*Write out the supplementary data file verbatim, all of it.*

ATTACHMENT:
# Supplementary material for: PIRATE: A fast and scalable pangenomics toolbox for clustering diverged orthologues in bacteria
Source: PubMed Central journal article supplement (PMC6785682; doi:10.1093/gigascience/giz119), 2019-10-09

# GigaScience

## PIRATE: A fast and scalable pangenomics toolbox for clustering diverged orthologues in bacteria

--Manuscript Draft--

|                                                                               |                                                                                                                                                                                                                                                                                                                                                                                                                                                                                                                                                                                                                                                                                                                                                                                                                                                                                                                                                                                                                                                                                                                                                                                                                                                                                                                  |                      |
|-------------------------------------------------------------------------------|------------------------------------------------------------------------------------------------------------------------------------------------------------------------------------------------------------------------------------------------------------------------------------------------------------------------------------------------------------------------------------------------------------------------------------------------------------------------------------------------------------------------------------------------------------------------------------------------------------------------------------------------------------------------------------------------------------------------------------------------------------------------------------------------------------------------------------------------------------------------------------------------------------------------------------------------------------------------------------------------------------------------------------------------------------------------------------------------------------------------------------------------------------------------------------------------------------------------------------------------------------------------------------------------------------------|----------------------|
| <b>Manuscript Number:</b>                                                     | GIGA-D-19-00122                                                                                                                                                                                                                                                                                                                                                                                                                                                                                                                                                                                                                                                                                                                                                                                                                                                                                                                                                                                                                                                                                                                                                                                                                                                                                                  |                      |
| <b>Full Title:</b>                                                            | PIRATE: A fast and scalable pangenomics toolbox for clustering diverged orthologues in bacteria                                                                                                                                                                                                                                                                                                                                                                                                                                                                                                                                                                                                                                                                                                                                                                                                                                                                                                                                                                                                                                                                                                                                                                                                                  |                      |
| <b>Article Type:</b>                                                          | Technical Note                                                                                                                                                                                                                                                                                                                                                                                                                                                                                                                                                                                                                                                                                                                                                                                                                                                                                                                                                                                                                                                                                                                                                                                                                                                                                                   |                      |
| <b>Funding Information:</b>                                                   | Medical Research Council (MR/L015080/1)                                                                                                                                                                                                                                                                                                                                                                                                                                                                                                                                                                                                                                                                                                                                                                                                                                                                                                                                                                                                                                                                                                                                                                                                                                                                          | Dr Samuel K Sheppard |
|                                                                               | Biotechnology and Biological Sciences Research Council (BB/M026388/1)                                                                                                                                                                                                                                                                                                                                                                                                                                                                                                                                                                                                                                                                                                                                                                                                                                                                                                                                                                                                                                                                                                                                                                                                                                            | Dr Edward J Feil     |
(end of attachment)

# Supplementary material for: PIRATE: A fast and scalable pangenomics toolbox for clustering diverged orthologues in bacteria
Source: PubMed Central journal article supplement (PMC6785682; doi:10.1093/gigascience/giz119), 2019-10-09

# GigaScience

## PIRATE: A fast and scalable pangenomics toolbox for clustering diverged orthologues in bacteria

--Manuscript Draft--

|                                                                               |                                                                                                                                                                                                                                                                                                                                                                                                                                                                                                                                                                                                                                                                                                                                                                                                                                                                                                                                                                                                                                                                                                                                                                                                                                                                                                                  |                      |
|-------------------------------------------------------------------------------|------------------------------------------------------------------------------------------------------------------------------------------------------------------------------------------------------------------------------------------------------------------------------------------------------------------------------------------------------------------------------------------------------------------------------------------------------------------------------------------------------------------------------------------------------------------------------------------------------------------------------------------------------------------------------------------------------------------------------------------------------------------------------------------------------------------------------------------------------------------------------------------------------------------------------------------------------------------------------------------------------------------------------------------------------------------------------------------------------------------------------------------------------------------------------------------------------------------------------------------------------------------------------------------------------------------|----------------------|
| <b>Manuscript Number:</b>                                                     | GIGA-D-19-00122                                                                                                                                                                                                                                                                                                                                                                                                                                                                                                                                                                                                                                                                                                                                                                                                                                                                                                                                                                                                                                                                                                                                                                                                                                                                                                  |                      |
| <b>Full Title:</b>                                                            | PIRATE: A fast and scalable pangenomics toolbox for clustering diverged orthologues in bacteria                                                                                                                                                                                                                                                                                                                                                                                                                                                                                                                                                                                                                                                                                                                                                                                                                                                                                                                                                                                                                                                                                                                                                                                                                  |                      |
| <b>Article Type:</b>                                                          | Technical Note                                                                                                                                                                                                                                                                                                                                                                                                                                                                                                                                                                                                                                                                                                                                                                                                                                                                                                                                                                                                                                                                                                                                                                                                                                                                                                   |                      |
| <b>Funding Information:</b>                                                   | Medical Research Council (MR/L015080/1)                                                                                                                                                                                                                                                                                                                                                                                                                                                                                                                                                                                                                                                                                                                                                                                                                                                                                                                                                                                                                                                                                                                                                                                                                                                                          | Dr Samuel K Sheppard |
|                                                                               | Biotechnology and Biological Sciences Research Council (BB/M026388/1)                                                                                                                                                                                                                                                                                                                                                                                                                                                                                                                                                                                                                                                                                                                                                                                                                                                                                                                                                                                                                                                                                                                                                                                                                                            | Dr Edward J Feil     |